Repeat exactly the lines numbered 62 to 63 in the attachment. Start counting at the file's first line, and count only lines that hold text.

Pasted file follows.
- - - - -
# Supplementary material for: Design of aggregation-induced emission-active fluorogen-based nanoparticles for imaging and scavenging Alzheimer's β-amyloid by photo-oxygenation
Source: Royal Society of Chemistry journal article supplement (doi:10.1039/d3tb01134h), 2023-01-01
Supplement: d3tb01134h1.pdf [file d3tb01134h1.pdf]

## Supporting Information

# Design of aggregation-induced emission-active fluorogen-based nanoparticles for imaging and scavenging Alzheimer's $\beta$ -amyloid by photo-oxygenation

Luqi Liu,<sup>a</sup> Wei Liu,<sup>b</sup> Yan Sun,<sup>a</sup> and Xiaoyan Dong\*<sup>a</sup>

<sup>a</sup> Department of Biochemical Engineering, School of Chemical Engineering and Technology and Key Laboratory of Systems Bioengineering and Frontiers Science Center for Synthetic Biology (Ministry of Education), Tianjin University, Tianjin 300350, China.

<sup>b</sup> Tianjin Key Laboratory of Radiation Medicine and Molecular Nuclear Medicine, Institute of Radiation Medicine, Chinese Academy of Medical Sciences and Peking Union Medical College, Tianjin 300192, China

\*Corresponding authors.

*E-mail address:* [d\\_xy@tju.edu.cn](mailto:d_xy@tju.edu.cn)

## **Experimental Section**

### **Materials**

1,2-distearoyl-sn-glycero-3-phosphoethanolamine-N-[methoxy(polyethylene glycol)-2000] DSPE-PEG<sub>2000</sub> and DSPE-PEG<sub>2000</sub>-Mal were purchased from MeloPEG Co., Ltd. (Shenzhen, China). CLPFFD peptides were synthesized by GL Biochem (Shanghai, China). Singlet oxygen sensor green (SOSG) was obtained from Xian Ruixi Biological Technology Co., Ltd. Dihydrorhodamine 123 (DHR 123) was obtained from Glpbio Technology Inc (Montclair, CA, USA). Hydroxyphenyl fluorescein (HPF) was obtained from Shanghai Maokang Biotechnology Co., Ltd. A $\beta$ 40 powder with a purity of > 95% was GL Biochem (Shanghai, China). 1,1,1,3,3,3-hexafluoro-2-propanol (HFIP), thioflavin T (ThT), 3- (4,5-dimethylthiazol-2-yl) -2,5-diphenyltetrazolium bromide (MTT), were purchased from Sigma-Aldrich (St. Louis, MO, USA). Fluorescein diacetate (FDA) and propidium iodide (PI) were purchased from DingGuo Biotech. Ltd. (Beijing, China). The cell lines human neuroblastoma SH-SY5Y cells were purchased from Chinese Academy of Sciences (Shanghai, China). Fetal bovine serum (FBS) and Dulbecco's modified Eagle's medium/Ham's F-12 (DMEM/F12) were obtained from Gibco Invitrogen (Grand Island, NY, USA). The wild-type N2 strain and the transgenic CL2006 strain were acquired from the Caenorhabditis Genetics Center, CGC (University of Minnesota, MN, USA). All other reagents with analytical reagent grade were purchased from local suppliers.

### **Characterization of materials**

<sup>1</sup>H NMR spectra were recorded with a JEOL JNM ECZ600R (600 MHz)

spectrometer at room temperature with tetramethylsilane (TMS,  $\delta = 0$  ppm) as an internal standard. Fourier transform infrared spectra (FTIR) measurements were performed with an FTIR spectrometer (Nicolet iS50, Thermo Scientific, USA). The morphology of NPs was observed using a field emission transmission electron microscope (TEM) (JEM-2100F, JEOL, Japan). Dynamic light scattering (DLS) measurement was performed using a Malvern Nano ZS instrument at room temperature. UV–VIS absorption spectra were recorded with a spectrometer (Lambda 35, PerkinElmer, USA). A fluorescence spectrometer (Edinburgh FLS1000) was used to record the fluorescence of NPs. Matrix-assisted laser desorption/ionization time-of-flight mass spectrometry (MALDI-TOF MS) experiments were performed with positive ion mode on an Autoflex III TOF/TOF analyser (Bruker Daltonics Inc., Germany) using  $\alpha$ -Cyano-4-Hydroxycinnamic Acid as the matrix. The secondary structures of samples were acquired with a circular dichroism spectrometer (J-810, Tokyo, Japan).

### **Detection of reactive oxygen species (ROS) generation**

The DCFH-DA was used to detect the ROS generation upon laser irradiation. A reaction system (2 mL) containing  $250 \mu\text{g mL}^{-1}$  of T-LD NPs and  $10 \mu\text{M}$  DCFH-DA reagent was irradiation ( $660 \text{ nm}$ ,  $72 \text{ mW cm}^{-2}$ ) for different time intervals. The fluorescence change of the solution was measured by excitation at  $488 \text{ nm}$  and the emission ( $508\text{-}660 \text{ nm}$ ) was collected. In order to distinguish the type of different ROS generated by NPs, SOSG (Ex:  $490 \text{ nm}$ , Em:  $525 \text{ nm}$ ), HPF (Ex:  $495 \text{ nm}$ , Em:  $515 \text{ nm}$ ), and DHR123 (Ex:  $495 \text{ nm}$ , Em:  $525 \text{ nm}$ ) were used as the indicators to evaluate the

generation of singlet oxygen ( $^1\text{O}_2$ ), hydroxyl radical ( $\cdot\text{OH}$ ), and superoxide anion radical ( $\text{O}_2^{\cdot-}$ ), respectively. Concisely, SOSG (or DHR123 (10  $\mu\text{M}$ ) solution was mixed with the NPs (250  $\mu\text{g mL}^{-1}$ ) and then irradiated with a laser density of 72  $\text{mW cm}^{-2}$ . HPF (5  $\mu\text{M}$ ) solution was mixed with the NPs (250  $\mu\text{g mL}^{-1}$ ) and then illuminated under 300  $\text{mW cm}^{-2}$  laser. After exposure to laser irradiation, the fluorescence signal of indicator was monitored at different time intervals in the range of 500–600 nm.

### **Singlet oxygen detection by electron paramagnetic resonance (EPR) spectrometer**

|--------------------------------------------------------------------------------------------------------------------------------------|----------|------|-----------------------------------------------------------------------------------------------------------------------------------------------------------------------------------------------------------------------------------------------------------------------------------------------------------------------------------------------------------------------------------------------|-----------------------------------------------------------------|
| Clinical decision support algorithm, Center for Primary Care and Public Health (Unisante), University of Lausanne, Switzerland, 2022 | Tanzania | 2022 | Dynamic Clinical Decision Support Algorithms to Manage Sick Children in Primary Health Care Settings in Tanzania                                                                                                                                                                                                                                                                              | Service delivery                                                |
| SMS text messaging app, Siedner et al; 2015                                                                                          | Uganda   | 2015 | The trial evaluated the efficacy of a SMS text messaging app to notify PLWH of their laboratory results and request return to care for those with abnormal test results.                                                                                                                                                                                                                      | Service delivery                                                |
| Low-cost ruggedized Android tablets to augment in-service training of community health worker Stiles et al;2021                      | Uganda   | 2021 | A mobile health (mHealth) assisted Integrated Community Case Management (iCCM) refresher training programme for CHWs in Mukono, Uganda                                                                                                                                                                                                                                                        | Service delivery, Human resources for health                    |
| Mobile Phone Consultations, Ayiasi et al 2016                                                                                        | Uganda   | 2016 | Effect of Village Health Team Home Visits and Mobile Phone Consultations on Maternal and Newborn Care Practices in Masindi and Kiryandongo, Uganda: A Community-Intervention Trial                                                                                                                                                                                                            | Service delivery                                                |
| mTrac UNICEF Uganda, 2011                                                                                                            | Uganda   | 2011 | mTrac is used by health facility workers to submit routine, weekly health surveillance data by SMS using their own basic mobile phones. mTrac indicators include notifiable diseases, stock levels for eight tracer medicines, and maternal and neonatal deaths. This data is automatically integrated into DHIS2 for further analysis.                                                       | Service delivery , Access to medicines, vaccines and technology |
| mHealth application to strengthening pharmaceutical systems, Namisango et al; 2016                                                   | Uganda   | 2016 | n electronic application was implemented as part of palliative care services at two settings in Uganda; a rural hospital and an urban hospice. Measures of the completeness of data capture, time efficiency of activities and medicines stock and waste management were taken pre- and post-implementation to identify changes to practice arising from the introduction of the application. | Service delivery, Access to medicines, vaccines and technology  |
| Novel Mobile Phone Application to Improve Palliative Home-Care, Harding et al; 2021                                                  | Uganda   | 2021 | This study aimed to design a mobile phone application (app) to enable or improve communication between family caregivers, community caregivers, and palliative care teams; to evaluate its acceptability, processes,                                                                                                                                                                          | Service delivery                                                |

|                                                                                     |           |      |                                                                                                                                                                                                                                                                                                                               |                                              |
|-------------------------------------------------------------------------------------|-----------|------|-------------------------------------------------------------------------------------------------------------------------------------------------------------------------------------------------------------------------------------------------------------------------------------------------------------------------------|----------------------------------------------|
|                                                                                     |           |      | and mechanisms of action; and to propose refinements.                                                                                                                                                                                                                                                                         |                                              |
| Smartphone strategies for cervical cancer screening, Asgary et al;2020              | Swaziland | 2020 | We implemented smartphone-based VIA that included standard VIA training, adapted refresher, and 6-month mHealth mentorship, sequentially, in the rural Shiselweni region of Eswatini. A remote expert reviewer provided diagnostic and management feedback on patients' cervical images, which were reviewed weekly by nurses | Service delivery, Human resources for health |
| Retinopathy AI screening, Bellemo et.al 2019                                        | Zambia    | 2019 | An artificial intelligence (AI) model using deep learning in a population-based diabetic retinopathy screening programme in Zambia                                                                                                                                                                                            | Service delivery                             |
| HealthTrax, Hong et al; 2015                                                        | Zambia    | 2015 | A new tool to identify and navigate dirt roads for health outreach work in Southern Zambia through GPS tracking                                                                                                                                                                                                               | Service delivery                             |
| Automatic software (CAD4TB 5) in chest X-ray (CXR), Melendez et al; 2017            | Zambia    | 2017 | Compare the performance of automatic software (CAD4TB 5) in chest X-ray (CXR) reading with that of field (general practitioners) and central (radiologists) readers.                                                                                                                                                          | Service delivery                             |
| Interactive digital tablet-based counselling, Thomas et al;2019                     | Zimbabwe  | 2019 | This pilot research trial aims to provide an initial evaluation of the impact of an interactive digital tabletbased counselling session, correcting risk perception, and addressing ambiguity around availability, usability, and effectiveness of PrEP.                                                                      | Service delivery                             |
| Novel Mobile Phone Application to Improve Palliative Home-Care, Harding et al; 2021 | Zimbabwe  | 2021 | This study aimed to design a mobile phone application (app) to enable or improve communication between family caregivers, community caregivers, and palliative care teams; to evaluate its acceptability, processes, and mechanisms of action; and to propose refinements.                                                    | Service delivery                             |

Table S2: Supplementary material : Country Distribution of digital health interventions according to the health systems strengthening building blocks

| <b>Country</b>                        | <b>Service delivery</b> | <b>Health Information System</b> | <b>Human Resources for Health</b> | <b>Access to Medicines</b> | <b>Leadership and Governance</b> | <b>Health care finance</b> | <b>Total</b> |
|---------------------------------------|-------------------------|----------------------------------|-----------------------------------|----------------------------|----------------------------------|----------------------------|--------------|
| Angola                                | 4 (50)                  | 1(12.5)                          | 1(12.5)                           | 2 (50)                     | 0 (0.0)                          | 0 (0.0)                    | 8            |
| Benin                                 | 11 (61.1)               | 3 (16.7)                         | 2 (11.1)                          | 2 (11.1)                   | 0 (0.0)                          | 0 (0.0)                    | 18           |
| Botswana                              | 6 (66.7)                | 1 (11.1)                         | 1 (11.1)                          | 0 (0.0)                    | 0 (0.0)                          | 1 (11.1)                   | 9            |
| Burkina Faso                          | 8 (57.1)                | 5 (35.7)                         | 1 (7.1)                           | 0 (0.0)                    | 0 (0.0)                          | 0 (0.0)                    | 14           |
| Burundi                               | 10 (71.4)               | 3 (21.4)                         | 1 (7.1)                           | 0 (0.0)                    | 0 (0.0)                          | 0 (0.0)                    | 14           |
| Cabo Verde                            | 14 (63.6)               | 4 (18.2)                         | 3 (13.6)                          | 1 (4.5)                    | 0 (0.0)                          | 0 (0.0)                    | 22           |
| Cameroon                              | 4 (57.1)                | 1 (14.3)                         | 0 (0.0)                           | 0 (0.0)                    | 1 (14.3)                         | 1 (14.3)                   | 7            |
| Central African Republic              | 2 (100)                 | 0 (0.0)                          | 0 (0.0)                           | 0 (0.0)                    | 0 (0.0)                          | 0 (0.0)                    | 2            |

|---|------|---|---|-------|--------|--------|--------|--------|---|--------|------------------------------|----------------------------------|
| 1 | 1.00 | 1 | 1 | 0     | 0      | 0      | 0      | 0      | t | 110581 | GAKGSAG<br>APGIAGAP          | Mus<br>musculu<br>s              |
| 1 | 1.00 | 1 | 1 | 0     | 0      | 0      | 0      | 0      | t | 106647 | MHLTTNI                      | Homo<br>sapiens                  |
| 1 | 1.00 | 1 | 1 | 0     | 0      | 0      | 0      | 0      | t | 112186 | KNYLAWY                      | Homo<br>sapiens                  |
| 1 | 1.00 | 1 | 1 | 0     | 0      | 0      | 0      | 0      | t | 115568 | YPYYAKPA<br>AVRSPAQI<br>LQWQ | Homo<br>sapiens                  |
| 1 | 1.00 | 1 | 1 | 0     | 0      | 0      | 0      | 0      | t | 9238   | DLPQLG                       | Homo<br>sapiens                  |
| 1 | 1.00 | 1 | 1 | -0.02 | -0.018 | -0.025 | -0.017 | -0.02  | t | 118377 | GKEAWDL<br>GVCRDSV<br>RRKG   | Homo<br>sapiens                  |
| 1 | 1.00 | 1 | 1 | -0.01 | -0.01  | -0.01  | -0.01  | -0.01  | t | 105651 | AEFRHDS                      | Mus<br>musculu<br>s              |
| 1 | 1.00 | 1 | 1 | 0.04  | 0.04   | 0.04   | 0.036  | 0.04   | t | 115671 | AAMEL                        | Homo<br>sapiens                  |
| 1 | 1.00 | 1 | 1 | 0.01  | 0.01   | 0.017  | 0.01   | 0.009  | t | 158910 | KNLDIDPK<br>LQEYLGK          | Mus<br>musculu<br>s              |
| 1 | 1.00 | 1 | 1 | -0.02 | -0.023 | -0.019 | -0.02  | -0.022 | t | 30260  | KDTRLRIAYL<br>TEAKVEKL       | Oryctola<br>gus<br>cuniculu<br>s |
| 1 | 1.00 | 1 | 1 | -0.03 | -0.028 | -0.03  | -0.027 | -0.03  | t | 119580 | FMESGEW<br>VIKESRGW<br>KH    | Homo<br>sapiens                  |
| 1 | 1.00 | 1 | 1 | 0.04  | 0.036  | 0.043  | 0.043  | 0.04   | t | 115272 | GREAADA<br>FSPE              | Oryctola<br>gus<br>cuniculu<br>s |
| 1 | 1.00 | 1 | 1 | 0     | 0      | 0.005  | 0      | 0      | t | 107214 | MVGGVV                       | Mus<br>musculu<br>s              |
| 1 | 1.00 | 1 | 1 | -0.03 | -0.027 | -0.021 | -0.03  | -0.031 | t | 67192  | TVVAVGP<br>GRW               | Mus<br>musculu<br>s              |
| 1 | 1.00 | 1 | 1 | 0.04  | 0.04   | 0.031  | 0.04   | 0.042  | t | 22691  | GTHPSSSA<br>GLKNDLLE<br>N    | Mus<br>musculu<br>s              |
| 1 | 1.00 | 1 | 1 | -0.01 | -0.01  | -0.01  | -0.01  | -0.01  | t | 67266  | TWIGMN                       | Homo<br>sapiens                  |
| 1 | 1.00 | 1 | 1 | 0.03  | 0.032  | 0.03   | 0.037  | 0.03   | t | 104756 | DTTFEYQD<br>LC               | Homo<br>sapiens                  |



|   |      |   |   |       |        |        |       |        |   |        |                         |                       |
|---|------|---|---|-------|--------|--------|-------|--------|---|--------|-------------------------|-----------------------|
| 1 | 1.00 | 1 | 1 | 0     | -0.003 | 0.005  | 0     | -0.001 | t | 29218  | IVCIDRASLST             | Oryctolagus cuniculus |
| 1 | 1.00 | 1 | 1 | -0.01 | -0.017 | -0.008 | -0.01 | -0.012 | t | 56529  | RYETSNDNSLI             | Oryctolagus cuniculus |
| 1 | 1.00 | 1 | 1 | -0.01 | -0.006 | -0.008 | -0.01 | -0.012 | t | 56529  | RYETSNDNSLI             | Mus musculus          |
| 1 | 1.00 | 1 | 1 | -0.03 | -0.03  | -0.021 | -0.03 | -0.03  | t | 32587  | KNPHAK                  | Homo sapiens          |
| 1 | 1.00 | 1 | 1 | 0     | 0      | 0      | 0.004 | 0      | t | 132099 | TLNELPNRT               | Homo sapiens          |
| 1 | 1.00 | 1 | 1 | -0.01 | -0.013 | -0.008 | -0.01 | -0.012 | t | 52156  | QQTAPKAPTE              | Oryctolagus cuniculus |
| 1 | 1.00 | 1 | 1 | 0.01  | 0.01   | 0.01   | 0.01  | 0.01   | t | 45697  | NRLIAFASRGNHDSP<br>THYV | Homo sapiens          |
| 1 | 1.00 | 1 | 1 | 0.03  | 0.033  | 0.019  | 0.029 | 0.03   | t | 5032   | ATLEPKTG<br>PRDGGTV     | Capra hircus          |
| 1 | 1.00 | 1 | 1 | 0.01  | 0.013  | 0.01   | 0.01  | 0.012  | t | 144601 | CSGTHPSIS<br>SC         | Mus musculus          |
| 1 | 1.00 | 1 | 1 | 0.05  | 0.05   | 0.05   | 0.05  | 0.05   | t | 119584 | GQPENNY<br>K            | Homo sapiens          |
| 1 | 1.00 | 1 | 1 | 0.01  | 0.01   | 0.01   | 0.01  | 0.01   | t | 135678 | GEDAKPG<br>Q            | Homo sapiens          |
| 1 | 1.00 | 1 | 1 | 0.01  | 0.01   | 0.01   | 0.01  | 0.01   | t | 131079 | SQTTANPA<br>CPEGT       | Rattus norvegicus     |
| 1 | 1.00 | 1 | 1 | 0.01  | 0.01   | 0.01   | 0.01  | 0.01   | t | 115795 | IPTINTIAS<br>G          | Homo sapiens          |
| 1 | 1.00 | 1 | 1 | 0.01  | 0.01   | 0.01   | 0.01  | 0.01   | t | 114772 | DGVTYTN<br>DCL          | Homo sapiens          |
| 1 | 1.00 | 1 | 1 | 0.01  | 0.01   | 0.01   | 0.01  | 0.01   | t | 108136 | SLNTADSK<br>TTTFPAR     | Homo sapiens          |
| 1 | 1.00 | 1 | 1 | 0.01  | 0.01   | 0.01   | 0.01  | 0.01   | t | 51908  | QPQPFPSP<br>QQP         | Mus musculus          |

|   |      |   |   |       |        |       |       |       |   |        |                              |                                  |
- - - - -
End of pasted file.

| 1 | 1.00 | 1 | 1 | 0     | 0      | 0.005  | 0      | 0      | t | 107214 | MVGGVV                       | Mus<br>musculu<br>s              |
| 1 | 1.00 | 1 | 1 | -0.03 | -0.027 | -0.021 | -0.03  | -0.031 | t | 67192  | TVVAVGP<br>GRW               | Mus<br>musculu<br>s              |